/// &lt;summary&gt;Gives true if the score table represents distances, otherwise false.&amp;amp;lt;/summary&amp;amp;lt;
protected abstract bool ScoresAreDistances { get; }

/// &lt;summary&gt;Initializes the strategy.&amp;amp;lt;/summary&amp;amp;lt;
public virtual void Initialize()
{
this.Scores = Map.New&amp;amp;lt;int&amp;amp;gt;(Bot.Settings);
}

/// &lt;summary&gt;Handles the UpdateInit.&amp;amp;lt;/summary&amp;amp;lt;
public virtual void OnUpdateInit() { }

/// &lt;summary&gt;Handles the UpdateFood.&amp;amp;lt;/summary&amp;amp;lt;
public virtual AntsFood OnUpdateFood(AntsFood food) { return food; }
/// &lt;summary&gt;Handles the UpdateWater.&amp;amp;lt;/summary&amp;amp;lt;
public virtual AntsWater OnUpdateWater(AntsWater water) { return water; }

/// &lt;summary&gt;Handles the UpdateOwnHill.&amp;amp;lt;/summary&amp;amp;lt;
public virtual AntsHill OnUpdateOwnHill(AntsHill hill) { return hill; }
/// &lt;summary&gt;Handles the UpdateEnemyHill.&amp;amp;lt;/summary&amp;amp;lt;
public virtual AntsHill OnUpdateEnemyHill(AntsHill hill) { return hill; }

/// &lt;summary&gt;Handles the UpdateOwnAnt.&amp;amp;lt;/summary&amp;amp;lt;
public virtual AntsAnt OnUpdateOwnAnt(AntsAnt ant) { return ant; }
/// &lt;summary&gt;Handles the UpdateEnemyAnt.&amp;amp;lt;/summary&amp;amp;lt;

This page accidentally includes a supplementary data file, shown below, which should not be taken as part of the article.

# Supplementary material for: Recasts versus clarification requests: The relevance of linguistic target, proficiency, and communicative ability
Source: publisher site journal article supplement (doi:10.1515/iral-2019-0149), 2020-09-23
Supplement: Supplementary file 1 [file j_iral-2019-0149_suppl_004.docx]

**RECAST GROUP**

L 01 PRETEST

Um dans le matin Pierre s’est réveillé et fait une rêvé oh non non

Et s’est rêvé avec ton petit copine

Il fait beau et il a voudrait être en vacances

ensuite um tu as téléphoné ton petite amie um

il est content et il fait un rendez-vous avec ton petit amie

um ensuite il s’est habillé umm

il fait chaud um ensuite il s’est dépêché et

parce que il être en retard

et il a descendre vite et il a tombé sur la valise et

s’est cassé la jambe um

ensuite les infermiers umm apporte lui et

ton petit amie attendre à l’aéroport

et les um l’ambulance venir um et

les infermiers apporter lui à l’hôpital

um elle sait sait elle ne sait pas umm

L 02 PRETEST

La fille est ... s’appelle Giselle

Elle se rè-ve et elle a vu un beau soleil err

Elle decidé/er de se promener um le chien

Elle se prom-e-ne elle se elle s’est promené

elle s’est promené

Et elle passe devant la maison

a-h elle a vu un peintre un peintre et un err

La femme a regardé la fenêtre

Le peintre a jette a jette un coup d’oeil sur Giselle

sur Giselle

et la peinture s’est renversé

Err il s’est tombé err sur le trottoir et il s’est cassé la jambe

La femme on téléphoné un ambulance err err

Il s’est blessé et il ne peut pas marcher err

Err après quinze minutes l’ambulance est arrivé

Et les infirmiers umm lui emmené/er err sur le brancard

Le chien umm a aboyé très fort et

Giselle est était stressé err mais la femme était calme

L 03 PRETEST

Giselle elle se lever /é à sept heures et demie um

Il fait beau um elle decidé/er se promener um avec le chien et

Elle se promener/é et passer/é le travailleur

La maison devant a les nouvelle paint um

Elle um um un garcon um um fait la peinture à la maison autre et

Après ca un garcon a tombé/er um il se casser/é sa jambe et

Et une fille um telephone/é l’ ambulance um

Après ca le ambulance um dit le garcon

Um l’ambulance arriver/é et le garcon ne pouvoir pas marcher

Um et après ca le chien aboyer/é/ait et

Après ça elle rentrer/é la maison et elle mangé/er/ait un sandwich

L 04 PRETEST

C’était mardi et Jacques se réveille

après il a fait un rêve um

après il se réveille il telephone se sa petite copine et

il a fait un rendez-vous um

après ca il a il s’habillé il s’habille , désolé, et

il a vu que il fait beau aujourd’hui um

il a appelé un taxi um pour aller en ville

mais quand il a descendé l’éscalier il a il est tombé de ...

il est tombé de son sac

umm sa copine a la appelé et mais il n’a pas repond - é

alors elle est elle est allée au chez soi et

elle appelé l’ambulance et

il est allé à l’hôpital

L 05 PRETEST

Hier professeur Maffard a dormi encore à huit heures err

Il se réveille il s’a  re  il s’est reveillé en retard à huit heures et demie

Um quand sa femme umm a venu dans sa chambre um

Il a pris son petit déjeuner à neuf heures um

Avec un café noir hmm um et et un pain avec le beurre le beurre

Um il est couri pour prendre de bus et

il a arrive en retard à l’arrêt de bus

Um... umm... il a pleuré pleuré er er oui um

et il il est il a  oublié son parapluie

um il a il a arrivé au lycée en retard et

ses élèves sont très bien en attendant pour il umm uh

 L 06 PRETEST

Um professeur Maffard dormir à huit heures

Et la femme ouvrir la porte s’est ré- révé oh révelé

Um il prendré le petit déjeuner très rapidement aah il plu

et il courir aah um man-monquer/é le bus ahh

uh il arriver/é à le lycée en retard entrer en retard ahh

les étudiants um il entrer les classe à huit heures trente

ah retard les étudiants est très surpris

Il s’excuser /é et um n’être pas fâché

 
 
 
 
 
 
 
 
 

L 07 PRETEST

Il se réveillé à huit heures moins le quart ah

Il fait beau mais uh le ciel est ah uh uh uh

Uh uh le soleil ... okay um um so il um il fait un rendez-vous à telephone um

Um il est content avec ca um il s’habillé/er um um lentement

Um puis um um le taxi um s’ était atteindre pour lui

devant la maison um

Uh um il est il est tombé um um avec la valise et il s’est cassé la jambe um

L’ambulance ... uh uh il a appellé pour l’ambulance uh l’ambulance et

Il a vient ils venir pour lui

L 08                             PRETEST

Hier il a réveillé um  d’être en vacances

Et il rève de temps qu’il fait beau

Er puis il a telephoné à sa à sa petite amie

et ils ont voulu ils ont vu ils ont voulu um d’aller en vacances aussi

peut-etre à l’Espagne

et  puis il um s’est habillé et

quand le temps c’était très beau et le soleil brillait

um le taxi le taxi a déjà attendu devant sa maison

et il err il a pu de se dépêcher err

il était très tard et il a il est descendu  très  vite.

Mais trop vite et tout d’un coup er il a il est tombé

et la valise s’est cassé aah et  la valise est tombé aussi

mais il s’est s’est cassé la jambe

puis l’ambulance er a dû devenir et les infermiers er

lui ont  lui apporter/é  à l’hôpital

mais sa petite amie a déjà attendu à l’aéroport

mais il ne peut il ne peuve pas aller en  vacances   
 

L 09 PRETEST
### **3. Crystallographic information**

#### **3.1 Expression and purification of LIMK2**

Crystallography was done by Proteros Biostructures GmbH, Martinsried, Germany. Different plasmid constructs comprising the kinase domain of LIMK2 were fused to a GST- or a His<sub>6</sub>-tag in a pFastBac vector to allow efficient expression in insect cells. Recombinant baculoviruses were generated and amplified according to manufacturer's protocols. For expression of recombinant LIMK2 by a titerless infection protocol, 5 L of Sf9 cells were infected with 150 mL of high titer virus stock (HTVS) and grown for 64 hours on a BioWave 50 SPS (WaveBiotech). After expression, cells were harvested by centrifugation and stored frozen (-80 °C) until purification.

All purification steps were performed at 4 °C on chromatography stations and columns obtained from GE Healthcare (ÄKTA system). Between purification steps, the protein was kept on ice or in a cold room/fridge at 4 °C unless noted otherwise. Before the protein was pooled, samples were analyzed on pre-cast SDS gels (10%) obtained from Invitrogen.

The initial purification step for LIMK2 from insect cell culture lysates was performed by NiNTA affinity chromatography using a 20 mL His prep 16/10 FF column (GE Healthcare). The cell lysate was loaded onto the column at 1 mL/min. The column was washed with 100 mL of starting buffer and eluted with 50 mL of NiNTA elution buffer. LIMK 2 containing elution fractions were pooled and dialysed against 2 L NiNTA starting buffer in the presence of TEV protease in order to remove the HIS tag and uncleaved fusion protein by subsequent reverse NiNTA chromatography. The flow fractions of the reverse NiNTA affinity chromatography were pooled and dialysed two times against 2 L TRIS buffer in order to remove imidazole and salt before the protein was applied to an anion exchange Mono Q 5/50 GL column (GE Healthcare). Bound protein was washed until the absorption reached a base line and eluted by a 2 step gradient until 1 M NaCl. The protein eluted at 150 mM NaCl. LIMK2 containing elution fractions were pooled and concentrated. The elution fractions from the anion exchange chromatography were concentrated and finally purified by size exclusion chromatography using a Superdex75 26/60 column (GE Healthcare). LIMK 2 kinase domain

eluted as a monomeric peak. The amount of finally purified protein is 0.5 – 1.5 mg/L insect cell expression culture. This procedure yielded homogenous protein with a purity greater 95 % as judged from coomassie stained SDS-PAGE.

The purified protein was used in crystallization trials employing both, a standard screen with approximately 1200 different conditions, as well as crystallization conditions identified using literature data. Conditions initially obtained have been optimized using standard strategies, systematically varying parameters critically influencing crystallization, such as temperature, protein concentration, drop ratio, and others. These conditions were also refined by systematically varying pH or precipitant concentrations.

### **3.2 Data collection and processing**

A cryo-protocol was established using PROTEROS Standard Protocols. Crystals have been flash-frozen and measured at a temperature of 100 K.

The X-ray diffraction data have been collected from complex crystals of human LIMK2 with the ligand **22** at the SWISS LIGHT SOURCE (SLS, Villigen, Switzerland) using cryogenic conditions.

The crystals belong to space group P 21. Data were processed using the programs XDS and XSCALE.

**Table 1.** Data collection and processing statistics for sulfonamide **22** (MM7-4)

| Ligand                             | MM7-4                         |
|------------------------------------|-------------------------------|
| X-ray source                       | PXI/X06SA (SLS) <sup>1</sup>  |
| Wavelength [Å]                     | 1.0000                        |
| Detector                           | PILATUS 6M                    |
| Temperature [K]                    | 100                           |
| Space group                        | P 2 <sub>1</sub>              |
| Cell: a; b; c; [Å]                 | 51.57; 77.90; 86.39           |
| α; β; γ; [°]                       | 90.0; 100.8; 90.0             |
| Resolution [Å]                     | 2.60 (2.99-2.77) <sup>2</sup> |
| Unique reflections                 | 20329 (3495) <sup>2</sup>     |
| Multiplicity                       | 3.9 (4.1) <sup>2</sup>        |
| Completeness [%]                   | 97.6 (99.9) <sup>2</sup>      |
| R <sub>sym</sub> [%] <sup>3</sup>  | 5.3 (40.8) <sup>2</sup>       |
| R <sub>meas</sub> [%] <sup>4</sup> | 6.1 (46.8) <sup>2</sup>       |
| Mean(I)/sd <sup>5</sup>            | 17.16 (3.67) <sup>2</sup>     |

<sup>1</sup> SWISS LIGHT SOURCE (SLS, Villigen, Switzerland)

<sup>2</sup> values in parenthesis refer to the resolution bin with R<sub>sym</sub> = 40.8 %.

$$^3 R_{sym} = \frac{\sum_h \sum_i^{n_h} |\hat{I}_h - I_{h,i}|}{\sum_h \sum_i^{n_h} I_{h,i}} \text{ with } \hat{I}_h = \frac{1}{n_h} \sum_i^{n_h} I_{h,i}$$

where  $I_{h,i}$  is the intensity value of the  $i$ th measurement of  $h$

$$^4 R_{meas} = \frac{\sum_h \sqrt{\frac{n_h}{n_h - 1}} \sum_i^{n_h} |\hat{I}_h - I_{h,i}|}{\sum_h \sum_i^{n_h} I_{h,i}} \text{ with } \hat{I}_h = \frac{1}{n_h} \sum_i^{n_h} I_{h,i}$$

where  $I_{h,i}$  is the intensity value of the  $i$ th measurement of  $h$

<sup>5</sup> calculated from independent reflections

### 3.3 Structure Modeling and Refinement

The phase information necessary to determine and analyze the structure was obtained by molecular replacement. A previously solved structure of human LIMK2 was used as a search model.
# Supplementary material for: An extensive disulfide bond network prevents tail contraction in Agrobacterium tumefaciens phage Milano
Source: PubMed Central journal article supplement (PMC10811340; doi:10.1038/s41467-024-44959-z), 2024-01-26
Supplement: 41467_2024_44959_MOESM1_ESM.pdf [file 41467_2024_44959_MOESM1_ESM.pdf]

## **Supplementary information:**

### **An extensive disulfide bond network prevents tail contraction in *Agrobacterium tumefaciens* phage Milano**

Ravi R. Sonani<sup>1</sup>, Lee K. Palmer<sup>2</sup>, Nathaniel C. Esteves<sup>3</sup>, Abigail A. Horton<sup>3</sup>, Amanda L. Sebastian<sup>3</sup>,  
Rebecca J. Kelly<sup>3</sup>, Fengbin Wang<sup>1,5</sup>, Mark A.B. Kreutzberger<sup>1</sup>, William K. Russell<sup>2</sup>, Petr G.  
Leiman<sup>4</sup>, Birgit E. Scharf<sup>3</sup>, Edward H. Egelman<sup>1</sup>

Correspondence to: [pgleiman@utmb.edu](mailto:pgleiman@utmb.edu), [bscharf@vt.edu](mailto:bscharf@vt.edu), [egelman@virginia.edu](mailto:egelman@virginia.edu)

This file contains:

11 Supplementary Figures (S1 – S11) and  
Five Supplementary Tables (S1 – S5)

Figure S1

public virtual AntsAnt OnUpdateEnemyAnt(AntsAnt ant) { return ant; }

/// &lt;summary&gt;Handles the UpdateAfter.&amp;amp;lt;/summary&amp;amp;lt;
public virtual void OnUpdateAfter() { }

/// &lt;summary&gt;Handles the TurnInit.&amp;amp;lt;/summary&amp;amp;lt;
public virtual void OnTurnInit() { }

/// &lt;summary&gt;Handles the TurnAfterStrategy.&amp;amp;lt;/summary&amp;amp;lt;
/// &amp;amp;lt;remarks&amp;amp;lt;
/// This one is called for an ant that uses this strategy.
/// &amp;amp;lt;/remarks&amp;amp;lt;
public virtual void OnTurnAfterStrategy(AntsLoc oldLoc, AntsLoc newLoc, DirectionType dir, TruusjeCandidateMove move) { }
/// &lt;summary&gt;Handles the TurnAfterStrategy.&amp;amp;lt;/summary&amp;amp;lt;
/// &amp;amp;lt;remarks&amp;amp;lt;
/// This one is called for every ant that moved.
/// &amp;amp;lt;/remarks&amp;amp;lt;
public virtual void OnTurnAfter(AntsLoc oldLoc, AntsLoc newLoc, DirectionType dir, TruusjeCandidateMove move) { }
/// &lt;summary&gt;Handles the TurnFinish.&amp;amp;lt;/summary&amp;amp;lt;
/// &amp;amp;lt;remarks&amp;amp;lt;
/// At on turn finish extra work can be done that is not required but
/// useful. It should handle the time management as strict and safe
/// as possible.
/// &amp;amp;lt;/remarks&amp;amp;lt;
public virtual void OnTurnFinish() { }

/// &lt;summary&gt;Returns true if the strategy can give a move, otherwise false.&amp;amp;lt;/summary&amp;amp;lt;
public abstract bool CanMove(AntsAnt ant, AntsLoc loc, DirectionType dir);
/// &lt;summary&gt;Gets a move.&amp;amp;lt;/summary&amp;amp;lt;
public abstract TruusjeCandidateMove GetMove(AntsAnt ant, AntsLoc loc, DirectionType dir);